This week I’ve had occasion to appreciate that there may be some good in criticism after all and I’m tempted again to ask, what if this tension could be resolved?  I’m reminded of what a friend of mine would say in this situation, “if you ever thought that you came to the end of that road it might be time to check your pulse, you may be dead”.  At this point, after having deceived myself numerous times in the past I’m starting to feel that this kind of tension is simply built into life.  Perhaps what is required is to resolve oneself within that tension, to cease externalizing it.  Something does want to be resolved, to be at rest.  But not dead.  

Last week we had a family conversation about reading habits.  My son and I  started by discussing what constitutes a polemic, a form of writing with a long history that has taken on renewed energy, morphed into 280 character twitter-bursts and burned into our daily cyber-consciousness.  By the way, there is no way this does not affect our collective mental health.  In recent weeks there has emerged the clearest evidence yet of some of the worst effects, a mutating internet cult making it’s way into political life.  I have to think of it as a form of brainwashing made all the more effective by technology.  But I digress.

My wife is an enthusiastic reader, very open to entering literary terrain.  I’m inspired by her because I’m the opposite, sorry to say.  Somewhere along the line I became aware that there is a tacit world view or set of assumptions in anything anyone writes.  There is always a degree of self interest that would seem to infect what may otherwise be a sincere reach towards some kind of truth.  Attention to this fact on the part of the reader (me) often requires arduous work to counter the threat.  Sounds paranoid, right?  “Infect” and “threat” are exaggerations but it’s difficult to articulate the more subtle and hidden operations that take place under the surface when reading.  I asked the question “is it possible to read something without having any personal vested interest in what is being read”?  My wife immediately responded in the affirmative saying that fiction takes her somewhere, she is open to learning about another person, other people, other cultures.  This set the stage for a good conversation that has been resonating since then.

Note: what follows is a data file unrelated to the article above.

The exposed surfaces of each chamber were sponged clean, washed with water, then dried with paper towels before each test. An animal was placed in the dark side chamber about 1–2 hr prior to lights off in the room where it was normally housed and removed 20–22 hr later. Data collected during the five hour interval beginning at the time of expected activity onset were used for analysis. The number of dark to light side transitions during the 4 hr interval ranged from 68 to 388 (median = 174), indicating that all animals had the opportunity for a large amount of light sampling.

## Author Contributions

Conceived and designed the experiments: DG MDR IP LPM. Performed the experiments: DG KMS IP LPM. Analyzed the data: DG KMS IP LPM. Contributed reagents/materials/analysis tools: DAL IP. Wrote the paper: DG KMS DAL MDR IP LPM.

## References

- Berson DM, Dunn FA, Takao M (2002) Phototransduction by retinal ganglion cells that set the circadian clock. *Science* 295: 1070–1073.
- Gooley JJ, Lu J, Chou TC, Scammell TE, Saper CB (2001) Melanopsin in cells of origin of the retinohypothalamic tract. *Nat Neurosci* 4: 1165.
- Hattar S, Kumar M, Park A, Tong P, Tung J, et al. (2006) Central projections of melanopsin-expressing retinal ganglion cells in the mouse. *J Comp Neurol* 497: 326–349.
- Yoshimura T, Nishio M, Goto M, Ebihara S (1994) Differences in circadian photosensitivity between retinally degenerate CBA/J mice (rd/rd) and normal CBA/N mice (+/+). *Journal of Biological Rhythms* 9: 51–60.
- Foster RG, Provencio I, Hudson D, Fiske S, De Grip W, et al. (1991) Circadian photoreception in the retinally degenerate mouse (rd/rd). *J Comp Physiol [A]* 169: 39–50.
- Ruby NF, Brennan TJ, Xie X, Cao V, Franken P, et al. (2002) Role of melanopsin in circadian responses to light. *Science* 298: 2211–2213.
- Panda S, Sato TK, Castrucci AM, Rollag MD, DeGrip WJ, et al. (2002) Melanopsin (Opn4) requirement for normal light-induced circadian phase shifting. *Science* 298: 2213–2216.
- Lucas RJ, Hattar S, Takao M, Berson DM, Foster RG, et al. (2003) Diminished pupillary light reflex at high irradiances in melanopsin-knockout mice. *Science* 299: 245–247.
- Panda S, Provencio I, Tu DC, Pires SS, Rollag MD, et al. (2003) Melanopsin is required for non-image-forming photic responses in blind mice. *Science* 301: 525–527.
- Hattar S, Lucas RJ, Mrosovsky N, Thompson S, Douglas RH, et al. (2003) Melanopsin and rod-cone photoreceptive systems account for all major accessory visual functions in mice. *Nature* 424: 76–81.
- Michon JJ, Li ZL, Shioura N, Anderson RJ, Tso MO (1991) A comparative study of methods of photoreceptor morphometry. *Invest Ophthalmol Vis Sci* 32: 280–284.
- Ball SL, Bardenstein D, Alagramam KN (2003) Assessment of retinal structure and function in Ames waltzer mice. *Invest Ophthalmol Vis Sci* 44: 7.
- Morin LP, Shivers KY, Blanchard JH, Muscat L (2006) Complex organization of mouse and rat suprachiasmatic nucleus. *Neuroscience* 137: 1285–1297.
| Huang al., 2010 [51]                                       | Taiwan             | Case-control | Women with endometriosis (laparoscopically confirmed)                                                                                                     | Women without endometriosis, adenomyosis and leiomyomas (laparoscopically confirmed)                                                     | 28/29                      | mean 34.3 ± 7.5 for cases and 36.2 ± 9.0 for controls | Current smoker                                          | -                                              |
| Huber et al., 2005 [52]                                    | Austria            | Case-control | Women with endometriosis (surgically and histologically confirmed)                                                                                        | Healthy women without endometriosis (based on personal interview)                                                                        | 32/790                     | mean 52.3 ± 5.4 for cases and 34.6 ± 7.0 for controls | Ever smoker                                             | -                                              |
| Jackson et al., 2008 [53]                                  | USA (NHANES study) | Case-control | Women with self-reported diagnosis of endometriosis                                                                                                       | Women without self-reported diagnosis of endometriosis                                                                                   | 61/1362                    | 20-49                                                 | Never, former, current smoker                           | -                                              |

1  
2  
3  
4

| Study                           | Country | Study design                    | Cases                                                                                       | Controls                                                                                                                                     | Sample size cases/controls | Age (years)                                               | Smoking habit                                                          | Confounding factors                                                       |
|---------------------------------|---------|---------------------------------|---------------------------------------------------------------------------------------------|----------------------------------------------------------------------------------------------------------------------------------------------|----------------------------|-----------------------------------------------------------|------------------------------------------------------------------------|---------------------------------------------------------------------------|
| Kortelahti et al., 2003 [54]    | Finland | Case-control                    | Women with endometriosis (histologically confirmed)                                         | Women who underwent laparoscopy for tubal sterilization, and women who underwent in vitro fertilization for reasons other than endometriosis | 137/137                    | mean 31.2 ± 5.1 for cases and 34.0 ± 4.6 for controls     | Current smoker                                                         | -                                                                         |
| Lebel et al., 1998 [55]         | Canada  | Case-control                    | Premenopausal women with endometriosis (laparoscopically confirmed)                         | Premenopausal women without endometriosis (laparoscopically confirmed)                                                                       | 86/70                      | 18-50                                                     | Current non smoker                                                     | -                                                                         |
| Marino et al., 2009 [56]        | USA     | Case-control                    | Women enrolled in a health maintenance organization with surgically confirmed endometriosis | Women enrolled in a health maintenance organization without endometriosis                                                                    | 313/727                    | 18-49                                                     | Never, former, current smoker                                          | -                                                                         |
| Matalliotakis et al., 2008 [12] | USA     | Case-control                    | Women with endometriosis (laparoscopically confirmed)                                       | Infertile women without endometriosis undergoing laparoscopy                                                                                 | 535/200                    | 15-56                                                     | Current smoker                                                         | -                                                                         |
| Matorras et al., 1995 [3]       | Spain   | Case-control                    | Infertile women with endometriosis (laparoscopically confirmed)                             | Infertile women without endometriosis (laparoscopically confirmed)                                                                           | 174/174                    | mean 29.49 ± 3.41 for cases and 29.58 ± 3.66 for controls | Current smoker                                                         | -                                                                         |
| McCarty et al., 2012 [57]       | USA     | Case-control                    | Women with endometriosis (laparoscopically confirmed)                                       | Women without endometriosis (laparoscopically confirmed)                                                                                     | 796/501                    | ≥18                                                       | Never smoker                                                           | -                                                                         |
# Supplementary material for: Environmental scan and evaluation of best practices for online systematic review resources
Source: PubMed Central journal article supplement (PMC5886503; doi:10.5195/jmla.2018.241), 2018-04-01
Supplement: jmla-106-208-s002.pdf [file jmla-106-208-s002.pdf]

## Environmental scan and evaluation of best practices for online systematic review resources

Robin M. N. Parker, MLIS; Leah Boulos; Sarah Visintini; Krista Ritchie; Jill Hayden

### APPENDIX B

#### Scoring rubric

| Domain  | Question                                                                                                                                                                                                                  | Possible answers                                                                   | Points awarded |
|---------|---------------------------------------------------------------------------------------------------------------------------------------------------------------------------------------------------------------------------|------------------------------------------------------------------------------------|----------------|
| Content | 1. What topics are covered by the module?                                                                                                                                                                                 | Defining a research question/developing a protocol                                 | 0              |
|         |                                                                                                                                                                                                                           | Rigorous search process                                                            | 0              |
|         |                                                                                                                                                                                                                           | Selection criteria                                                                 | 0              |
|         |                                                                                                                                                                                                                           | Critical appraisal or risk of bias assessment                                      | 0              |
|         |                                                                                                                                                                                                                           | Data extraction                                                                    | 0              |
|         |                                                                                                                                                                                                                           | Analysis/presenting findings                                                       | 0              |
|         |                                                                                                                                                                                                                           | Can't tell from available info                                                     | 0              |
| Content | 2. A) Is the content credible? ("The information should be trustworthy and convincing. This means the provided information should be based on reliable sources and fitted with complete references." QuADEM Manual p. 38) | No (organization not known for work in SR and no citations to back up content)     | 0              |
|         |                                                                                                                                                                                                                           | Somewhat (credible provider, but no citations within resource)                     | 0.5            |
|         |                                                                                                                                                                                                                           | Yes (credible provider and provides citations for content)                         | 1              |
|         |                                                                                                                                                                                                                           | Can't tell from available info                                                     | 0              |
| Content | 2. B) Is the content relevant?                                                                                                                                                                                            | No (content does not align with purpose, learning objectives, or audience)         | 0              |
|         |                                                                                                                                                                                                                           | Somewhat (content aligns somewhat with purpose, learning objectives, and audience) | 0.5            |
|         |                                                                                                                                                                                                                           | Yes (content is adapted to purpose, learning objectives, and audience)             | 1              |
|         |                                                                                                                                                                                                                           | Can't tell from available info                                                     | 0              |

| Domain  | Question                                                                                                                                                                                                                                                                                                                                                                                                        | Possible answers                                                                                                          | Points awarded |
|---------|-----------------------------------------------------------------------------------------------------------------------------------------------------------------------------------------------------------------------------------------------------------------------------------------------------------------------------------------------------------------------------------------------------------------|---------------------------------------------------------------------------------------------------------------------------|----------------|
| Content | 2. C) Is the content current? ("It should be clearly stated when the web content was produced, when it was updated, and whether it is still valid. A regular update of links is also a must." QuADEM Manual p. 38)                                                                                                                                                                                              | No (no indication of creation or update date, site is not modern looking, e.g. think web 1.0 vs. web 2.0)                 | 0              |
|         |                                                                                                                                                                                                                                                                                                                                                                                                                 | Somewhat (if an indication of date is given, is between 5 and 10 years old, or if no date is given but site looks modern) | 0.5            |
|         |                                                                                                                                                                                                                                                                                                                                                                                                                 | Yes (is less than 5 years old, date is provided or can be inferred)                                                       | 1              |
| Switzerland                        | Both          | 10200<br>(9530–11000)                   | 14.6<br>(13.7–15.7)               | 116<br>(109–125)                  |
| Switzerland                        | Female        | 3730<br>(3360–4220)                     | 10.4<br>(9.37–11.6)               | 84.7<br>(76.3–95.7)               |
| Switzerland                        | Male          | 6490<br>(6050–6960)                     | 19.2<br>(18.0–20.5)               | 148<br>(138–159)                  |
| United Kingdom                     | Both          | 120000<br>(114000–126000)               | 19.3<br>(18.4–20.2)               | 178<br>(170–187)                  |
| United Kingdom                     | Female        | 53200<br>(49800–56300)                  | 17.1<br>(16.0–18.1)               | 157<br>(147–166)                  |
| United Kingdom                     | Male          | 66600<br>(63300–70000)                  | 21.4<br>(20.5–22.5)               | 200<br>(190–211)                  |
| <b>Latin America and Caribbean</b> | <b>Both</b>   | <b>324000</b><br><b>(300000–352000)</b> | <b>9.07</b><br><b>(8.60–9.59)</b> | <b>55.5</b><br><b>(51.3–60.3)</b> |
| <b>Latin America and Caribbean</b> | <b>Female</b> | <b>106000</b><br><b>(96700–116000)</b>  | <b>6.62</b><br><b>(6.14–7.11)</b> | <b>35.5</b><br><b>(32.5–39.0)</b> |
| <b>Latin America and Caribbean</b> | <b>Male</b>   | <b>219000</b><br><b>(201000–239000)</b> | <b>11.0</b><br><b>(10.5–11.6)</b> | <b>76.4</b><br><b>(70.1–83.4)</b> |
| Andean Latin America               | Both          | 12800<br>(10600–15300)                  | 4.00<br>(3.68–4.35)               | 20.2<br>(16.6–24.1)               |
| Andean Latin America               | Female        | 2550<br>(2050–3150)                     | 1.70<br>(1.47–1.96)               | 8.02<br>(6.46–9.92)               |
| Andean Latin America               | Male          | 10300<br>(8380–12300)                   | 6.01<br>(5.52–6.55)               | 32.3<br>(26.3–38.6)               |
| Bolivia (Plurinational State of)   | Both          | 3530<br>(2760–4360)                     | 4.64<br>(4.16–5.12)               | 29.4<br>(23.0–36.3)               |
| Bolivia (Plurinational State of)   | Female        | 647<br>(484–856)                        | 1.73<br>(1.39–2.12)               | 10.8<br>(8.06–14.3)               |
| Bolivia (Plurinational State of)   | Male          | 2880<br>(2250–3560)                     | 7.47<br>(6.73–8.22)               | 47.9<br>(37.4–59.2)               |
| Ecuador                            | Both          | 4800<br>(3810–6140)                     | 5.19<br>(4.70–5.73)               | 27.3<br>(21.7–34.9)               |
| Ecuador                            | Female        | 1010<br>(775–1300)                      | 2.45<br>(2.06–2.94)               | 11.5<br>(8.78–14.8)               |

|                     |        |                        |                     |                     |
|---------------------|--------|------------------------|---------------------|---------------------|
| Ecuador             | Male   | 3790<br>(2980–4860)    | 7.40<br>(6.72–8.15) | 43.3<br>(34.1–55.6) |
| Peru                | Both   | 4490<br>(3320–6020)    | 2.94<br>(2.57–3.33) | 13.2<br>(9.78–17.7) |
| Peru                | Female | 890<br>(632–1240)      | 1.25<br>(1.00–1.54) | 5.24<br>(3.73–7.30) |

I’m pretty deficient in the amount of literature I’ve read.  What I do enjoy reading are essays, interviews and news.  This morning I read an interview between jazz pianist Ethan Iverson and classical music critic Alex Ross (of the New Yorker).  I wasn’t sure I was going to enjoy it, at first glance it seemed to be potentially dry, involving a somewhat detailed exploration of the academic tradition of criticism and classical music.  But I have enjoyed the writing of Alex Ross (whom I cited in a previous post on Passion and Etymology) and decided to go for it.  I’m very glad I did.  After pushing my way in, the interview gradually became more personal and alive.  By the end Alex Ross wound up fleshing out this tradition (by way of his recent book “Wagnerism: Art and Politics in the Shadow of Music”) by illuminating connections between music, art and literature that I never fully appreciated, with Wagner being central and vastly more influential than I’d realized.  An investigation of Wagner is also problematic but you can read the interview for a better analysis than I can provide. In the final few exchanges Alex Ross offered some surprising connections from the late nineteenth century to aspects of popular American culture today.  Most importantly I am appreciating that the role of criticism has been an integral part of the western tradition, not just on the part of critics but on the part of composers, writers and artists, as evidenced from their correspondence with each other and even in the way they may teach. To know literature and academic study is to know something about criticism. I had been vaguely aware of this phenomenon and to be honest I never liked it, it seems contrary to the process of making art.  I recall years ago reading a book (I wish I could recall the title) which was a series of articles or interviews with contemporary composers in which they all trashed each other.  It really turned me off of the idea of criticism and I dismissed the whole thing entirely.  But perhaps I was not being quite honest with myself. 

Reading the Alex Ross interview put a light on my skepticism and intimidation around academic tradition while at the same time eliciting an undeniable attraction to it.  Critical thinking, while being essential to our survival and to our sense of meaning is also an essential skill for any artist in being able to gain a perspective (a form of distance) on their own work.  But in artistic practice (the creative act) it is often very limiting, distance being a liability.  I emphasize instead the virtues of intuition and direct experience.  Above all I’m an improvisor, but hopefully not a dumb one.  It’s easy to romanticize a degree of willful ignorance in the name of authenticity.  And it is equally easy to throw stones at the citadel but I still very much want to know what’s in there.